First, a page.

Parkway, Gidea Park, Romford, Essex, UK
Received date: June 02, 2017; Accepted date: June 08, 2017; Published date: June 13, 2017
Citation: Pathak S (2017) My First Week in General Practice. J Nurs Health Stud 2(2): 10. doi: 10.21767/2574-2825.100017
It was September 1971, I was inducted in two doctors practice in the industrial belt where Ford Motor Company is, in Dagenham. Essex. I came straight from hospital medicine and had no experience of General Practice, though I had done some locums, when I was off duty from hospital. I always wanted to be a GP, which is a speciality. Surgery, with two consulting rooms was in the busy parade of shops. On my arrival on the first day I was shown in to a Consulting room, to my delight there was a prescription pad and book of certificates all with my name, I felt important. Senior receptionist introduced me to another staff and shown me round, I pressed the buzzer to call my first patient. There was no appointment system, practice operated on walk in service. I greeted my first patient, and asked what can I do, he gave me a leaflet. He is middle aged rubbish collector. During his duty, the gloves, he was wearing torn and had a scratch on the skin of his hand. The leaflet he produced says that if any accident of this type happens, he must see his GP immediately. So, there I was, completely clean bowled, did not know anything about it. I examined his hands and checked his tetanus vaccination status, told him to go home I will come and see him at his house after finishing the surgery after making appropriate enquiry. Rest of my morning surgery has routine cases, but I could not concentrate, that first patient’s problem coupled with my ignorance, was bothering me, and my personal pride prevented me to knock the door of other consulting room and ask the senior partner what to do. When the surgery was finished, I phoned the Public Health offices of the borough and managed to speak to some medical men. He told me the risk of Anthrax (Bacillus Anthracis), specially the dustbin men collecting from the butcher’s area. I was advised to keep an eye on him. After the Surgery, I went to his house and explained what I was told by the Public Health doctor, and advised him to contact me immediately if there is change in his physical condition. I even gave him my home phone number to the great annoyance of my other partner. I phoned him morning and evening for almost a week to check his welfare. He was well and no untoward happening. I thought it was good experience, and reminded me of a well-known doctor saying” The fact is that patients do not arrive in the doctor’s office neatly packaged and pre-sorted.”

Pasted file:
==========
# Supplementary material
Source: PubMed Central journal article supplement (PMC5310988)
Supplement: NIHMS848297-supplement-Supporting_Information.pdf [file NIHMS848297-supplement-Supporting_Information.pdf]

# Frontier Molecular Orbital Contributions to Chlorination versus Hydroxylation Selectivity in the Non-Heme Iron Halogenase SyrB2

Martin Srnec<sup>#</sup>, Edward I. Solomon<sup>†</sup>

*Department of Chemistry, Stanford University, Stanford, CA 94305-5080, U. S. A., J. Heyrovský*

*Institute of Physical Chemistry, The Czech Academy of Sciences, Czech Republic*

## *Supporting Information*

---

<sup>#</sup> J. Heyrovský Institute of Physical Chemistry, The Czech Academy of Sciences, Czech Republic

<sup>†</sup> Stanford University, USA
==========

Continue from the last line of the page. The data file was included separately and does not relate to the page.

During this induction week, I was given a home visit to see a patient with acute abdomen. His address was on a long road extending for nearly three miles. I had the local map with me, and starting from another end I managed to find the right house after a bit of struggle. It was cold morning; I rang the bell. A middle-aged lady opened door; the visit was for her husband. She screamed to her husband who was in bedroom upstairs, “it is a coloured doctor”. I did not think that the comments were racial in any sense, it was more of an introduction, though of poor quality. I examined him and arranged his admission to the hospital, where he had appendectomy. I visited him at the hospital as well, and went around to see his wife and gave progress report about her husband. That was start of an intense doctor patient relationship. When years later, this patient has back problem, and I was on holiday, he did not consult my locum or another doctor in practice, waited for my return!